Prof. H. Kling's Modern orchestration and instrumentation: or, The art of instrumentation; containing detailed descriptions of the character and peculiarities of all instruments and their practical employment ...

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C. Fischer, 1905 - Instrumentation and orchestration - 346 pages
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OCLC Number: 8538902
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Instrumentation and orchestration.
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Page 3 - ... and in the course of their pieces. I do not mean by this to say that it is necessary to imitate the mathematical regularity of the metronome ; all music so performed would become of freezing stiffness...
Page 302 - ... music will have the unity of the symphonic movement; and this it will attain by spreading itself over the whole drama, in the most intimate cohesion therewith, not merely over single smaller, arbitrarily selected parts. So that this unity consists in a tissue of root themes pervading all the drama, themes which contrast, complete, reshape, divorce, and intertwine with one another as in the symphonic movement; only that here the needs of the dramatic action dictate the laws of parting and combining,...
Page 2 - ... the author's intentions, a work with which the performers have already become acquainted, but he has also to give them this acquaintance when the work in question is new to them. He has to criticize the errors and defects of each during the rehearsals, and to organise the resources at his disposal in such a way as to make the best use he can of them with the utmost promptitude. For, in the majority of European cities nowadays, musical artisanship is so ill distributed, performers so ill paid,...
Page 2 - ... comprehends, and is moved: then his emotion communicates itself to those whom he directs, his inward fire warms them, his electric glow animates them, his force of impulse excites them; he throws around him the vital irradiations of musical art. If he be inert and frozen, on the contrary, he paralyses all about him, like those floating masses of the polar seas, the approach of which is perceived through the sudden cooling of the atmosphere. His task is a complicated one. He has not only to conduct,...
Page 2 - ... agreed at length to follow the slight indications of time which the concertmeister (first violin-player) gave them ; and not to attend to Beethoven's conducting-stick. Moreover, it should be observed, that conducting a symphony, an overture, or any other composition whose movements remain continuous, vary little, and contain few nice gradations, is child's play in comparison with conducting an opera, or like work, where there are recitatives, airs, and numerous orchestral designs preceded by...
Page 19 - Whence it follows that scarcely the half of them come in again at the right moment; while the rest still hold their instrument under their left arm, and look about them. Thus the point is greatly weakened, if not entirely missed. I invoke the attention and rigour of orchestral conductors to this insufferable habit. It is, however, so rooted that they will only ensure its extirpation by making a large number of violinists amenable for the fault of a single player; by inflicting a fine, for example,...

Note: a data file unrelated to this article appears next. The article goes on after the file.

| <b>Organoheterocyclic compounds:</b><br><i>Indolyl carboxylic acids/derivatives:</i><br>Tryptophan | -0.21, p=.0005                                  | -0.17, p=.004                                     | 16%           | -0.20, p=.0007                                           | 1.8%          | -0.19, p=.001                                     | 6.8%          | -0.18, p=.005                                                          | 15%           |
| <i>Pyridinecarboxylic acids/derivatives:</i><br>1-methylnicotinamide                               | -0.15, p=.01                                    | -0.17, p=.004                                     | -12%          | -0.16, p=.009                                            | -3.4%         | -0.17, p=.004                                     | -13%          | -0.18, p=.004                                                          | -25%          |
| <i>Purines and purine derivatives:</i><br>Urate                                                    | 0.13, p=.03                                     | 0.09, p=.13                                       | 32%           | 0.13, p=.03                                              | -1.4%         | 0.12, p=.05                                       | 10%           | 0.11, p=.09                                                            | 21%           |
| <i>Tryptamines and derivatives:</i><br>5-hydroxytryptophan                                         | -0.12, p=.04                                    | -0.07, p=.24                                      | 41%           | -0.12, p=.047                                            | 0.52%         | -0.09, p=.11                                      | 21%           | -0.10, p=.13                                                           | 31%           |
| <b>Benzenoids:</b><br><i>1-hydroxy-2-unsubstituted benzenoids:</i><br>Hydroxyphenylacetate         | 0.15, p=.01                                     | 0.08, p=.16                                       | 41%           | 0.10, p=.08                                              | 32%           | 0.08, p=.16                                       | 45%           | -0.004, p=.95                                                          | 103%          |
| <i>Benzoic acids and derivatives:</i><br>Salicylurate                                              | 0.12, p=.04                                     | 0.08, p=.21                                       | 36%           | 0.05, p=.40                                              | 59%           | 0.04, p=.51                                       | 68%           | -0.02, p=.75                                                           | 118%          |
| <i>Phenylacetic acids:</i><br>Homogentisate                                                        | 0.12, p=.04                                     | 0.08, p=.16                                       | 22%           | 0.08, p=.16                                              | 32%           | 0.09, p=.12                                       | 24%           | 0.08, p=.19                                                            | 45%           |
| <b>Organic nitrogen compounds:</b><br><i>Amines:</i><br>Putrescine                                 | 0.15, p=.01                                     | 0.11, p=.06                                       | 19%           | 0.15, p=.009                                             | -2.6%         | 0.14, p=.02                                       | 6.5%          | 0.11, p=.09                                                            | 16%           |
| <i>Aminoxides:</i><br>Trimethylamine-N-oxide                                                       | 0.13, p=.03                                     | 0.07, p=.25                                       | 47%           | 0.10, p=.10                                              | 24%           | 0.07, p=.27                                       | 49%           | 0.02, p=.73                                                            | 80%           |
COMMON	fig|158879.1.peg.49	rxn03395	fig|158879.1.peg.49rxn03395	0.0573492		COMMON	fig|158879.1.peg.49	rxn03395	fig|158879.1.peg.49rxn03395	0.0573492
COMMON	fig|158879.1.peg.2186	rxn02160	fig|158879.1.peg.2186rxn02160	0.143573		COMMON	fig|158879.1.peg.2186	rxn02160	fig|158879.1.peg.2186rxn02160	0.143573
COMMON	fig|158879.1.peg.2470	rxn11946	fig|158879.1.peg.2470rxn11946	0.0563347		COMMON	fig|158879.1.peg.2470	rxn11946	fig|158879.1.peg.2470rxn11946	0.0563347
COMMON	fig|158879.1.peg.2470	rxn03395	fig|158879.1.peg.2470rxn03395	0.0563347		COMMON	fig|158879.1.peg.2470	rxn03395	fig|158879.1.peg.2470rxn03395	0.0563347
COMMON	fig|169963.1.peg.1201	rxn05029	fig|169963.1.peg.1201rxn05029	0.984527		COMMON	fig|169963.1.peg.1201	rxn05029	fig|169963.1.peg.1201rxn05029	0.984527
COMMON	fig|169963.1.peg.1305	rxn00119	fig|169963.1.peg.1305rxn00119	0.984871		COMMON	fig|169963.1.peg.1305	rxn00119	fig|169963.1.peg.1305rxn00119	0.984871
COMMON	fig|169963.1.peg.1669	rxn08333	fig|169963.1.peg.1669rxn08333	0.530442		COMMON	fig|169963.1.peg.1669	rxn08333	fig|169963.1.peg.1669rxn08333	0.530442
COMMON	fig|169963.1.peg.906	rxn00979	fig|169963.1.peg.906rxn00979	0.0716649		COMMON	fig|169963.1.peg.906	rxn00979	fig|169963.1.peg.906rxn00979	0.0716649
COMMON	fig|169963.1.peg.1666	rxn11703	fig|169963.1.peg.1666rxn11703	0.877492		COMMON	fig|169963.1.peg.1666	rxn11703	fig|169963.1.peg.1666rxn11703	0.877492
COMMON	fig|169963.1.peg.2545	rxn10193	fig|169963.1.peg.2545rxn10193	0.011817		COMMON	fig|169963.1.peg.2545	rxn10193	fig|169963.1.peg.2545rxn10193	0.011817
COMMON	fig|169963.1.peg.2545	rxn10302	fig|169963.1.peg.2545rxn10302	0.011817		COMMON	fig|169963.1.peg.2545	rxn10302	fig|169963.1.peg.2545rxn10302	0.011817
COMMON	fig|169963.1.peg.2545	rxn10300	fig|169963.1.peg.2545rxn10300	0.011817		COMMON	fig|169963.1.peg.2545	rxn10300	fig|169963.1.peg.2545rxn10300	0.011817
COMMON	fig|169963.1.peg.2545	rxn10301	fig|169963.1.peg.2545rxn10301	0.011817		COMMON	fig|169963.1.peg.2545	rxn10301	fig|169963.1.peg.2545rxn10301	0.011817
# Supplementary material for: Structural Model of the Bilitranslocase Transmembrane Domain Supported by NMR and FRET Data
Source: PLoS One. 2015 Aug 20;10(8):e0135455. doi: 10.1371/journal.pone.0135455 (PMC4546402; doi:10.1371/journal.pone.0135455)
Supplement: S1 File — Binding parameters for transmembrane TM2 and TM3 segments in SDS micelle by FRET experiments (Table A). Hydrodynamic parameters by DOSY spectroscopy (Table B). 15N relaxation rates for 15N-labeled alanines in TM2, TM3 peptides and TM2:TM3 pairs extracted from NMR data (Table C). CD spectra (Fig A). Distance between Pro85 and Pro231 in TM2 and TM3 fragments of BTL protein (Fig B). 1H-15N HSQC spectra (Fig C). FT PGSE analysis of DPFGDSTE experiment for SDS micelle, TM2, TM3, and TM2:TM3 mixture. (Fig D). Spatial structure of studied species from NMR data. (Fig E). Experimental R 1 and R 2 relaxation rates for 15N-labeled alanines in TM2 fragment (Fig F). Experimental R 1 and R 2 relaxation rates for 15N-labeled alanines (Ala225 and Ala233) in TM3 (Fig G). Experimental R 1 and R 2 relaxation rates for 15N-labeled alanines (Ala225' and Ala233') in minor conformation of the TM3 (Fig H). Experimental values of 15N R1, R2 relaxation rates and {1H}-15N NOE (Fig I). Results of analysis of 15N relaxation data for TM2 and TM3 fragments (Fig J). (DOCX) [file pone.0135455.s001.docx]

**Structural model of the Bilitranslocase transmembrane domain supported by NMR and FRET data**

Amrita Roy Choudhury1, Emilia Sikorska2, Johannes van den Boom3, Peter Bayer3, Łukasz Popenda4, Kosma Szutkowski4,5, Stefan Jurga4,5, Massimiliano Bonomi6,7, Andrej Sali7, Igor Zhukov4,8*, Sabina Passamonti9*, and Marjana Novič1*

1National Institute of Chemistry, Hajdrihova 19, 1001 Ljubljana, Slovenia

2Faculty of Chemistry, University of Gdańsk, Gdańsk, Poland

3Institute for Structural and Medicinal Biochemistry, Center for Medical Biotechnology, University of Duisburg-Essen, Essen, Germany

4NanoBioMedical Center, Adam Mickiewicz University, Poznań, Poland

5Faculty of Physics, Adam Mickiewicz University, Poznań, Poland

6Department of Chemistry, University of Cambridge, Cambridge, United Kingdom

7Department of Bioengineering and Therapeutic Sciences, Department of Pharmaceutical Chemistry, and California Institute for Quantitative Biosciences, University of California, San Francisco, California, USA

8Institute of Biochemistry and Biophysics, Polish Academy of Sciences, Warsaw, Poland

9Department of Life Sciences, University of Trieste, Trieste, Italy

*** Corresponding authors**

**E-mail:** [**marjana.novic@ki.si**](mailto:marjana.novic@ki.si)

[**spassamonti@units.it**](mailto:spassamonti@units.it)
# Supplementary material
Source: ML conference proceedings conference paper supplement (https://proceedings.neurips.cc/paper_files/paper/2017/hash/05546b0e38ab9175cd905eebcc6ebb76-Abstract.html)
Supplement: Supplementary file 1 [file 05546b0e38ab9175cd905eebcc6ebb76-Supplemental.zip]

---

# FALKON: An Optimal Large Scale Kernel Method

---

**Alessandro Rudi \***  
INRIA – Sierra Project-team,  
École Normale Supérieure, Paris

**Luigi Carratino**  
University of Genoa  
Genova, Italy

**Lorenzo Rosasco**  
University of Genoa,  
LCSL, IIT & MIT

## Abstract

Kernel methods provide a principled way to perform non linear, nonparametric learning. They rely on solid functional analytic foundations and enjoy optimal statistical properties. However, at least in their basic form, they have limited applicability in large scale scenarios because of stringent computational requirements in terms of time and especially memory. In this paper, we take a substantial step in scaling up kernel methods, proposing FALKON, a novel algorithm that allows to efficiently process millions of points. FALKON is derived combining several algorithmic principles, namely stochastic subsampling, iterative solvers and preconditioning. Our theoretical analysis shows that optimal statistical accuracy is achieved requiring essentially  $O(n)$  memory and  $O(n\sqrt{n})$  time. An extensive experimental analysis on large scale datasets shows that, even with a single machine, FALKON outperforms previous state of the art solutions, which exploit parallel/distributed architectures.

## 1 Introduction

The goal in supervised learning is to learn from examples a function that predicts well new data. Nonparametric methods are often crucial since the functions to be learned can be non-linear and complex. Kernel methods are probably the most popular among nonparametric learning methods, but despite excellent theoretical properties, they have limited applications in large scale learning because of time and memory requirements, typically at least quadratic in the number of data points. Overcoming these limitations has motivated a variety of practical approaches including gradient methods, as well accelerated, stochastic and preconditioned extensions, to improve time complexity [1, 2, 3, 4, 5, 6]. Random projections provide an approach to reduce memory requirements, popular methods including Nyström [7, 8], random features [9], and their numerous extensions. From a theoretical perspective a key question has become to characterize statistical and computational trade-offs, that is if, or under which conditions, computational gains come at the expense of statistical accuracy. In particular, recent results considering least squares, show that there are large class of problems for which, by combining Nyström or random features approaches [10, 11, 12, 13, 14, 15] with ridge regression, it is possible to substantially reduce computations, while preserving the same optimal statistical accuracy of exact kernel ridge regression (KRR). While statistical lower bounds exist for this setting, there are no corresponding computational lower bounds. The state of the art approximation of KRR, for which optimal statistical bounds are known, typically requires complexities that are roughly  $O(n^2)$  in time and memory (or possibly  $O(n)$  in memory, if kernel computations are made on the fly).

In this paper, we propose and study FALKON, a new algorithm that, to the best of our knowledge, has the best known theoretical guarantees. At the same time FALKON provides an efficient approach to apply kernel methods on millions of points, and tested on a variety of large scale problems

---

Page 1 - Of producing artists, the composer is almost the only one, in fact, who depends upon a multitude of intermediate agents between the public and himself; intermediate agents, either intelligent or stupid, devoted or hostile, active or inert, capable — from first to last — of contributing to the brilliancy of his work, or of disfiguring it, misrepresenting it, and even destroying it completely. Singers have often been accused of forming the most dangerous of these intermediate agents; but, in my...
Page 2 - ... transmitting to them his feeling is denied him, and thence power, empire, and guiding influence completely fail him. He is then no longer a conductor, a director, but a simple beater of the time — supposing he knows how to beat it, and divide it, regularly. The performers should feel that he feels, comprehends, and is moved: then his emotion communicates itself to those whom he directs, his inward fire warms them, his electric glow animates them, his force of impulse excites them; he throws...
Page 16 - ... performers the most perfect unity ever witnessed. With one or more electric metronomes, it seems no longer necessary to have recourse to this means. One might, in fact, thus easily conduct chorus-singers who turn their back towards the chief conductor; but attentive and intelligent sub-conductors are always preferable to a machine. They have not only to beat the time, like the metronomic staff, but they have also to speak to the groups around them, to call their attention to nice shades of execution,...
Page 17 - ... in order that the voices of the tenors and basses, proceeding from a more elevated point than those of the sopranos and contraltos, may come forth freely and be neither stifled nor intercepted. When the presence of the chorus-singers in front of the orchestra is not necessary, the conductor will take care to send them away; since this large number of human bodies injures the sonority of the instruments. A symphony, performed by an orchestra thus more or less stifled, loses much of its effect....

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